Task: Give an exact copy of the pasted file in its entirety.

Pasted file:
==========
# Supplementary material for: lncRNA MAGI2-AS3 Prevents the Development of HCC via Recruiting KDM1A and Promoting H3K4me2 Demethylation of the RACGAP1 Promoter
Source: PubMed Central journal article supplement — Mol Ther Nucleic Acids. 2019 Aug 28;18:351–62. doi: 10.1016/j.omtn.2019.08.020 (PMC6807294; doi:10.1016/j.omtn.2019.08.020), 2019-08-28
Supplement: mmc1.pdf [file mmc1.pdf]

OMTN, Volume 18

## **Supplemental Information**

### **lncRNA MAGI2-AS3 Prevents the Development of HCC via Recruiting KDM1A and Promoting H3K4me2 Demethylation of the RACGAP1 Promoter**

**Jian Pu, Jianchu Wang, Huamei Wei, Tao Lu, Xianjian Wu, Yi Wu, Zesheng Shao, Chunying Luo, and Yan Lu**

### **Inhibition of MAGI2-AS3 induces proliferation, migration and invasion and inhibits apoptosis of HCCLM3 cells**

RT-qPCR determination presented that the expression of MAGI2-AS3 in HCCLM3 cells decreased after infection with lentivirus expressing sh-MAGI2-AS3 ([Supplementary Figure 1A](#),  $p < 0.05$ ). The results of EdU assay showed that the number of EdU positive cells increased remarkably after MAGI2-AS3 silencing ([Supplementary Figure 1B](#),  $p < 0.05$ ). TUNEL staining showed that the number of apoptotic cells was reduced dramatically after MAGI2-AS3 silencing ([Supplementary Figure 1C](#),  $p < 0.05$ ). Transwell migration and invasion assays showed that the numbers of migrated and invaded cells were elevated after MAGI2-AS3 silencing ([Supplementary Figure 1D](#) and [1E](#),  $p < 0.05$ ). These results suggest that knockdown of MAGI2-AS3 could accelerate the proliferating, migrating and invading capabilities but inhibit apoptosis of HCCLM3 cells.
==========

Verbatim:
# Supplementary material for: lncRNA MAGI2-AS3 Prevents the Development of HCC via Recruiting KDM1A and Promoting H3K4me2 Demethylation of the RACGAP1 Promoter
Source: PubMed Central journal article supplement — Mol Ther Nucleic Acids. 2019 Aug 28;18:351–62. doi: 10.1016/j.omtn.2019.08.020 (PMC6807294; doi:10.1016/j.omtn.2019.08.020), 2019-08-28
Supplement: mmc1.pdf [file mmc1.pdf]

OMTN, Volume 18

## **Supplemental Information**

### **lncRNA MAGI2-AS3 Prevents the Development of HCC via Recruiting KDM1A and Promoting H3K4me2 Demethylation of the RACGAP1 Promoter**

**Jian Pu, Jianchu Wang, Huamei Wei, Tao Lu, Xianjian Wu, Yi Wu, Zesheng Shao, Chunying Luo, and Yan Lu**

### **Inhibition of MAGI2-AS3 induces proliferation, migration and invasion and inhibits apoptosis of HCCLM3 cells**

RT-qPCR determination presented that the expression of MAGI2-AS3 in HCCLM3 cells decreased after infection with lentivirus expressing sh-MAGI2-AS3 ([Supplementary Figure 1A](#),  $p < 0.05$ ). The results of EdU assay showed that the number of EdU positive cells increased remarkably after MAGI2-AS3 silencing ([Supplementary Figure 1B](#),  $p < 0.05$ ). TUNEL staining showed that the number of apoptotic cells was reduced dramatically after MAGI2-AS3 silencing ([Supplementary Figure 1C](#),  $p < 0.05$ ). Transwell migration and invasion assays showed that the numbers of migrated and invaded cells were elevated after MAGI2-AS3 silencing ([Supplementary Figure 1D](#) and [1E](#),  $p < 0.05$ ). These results suggest that knockdown of MAGI2-AS3 could accelerate the proliferating, migrating and invading capabilities but inhibit apoptosis of HCCLM3 cells.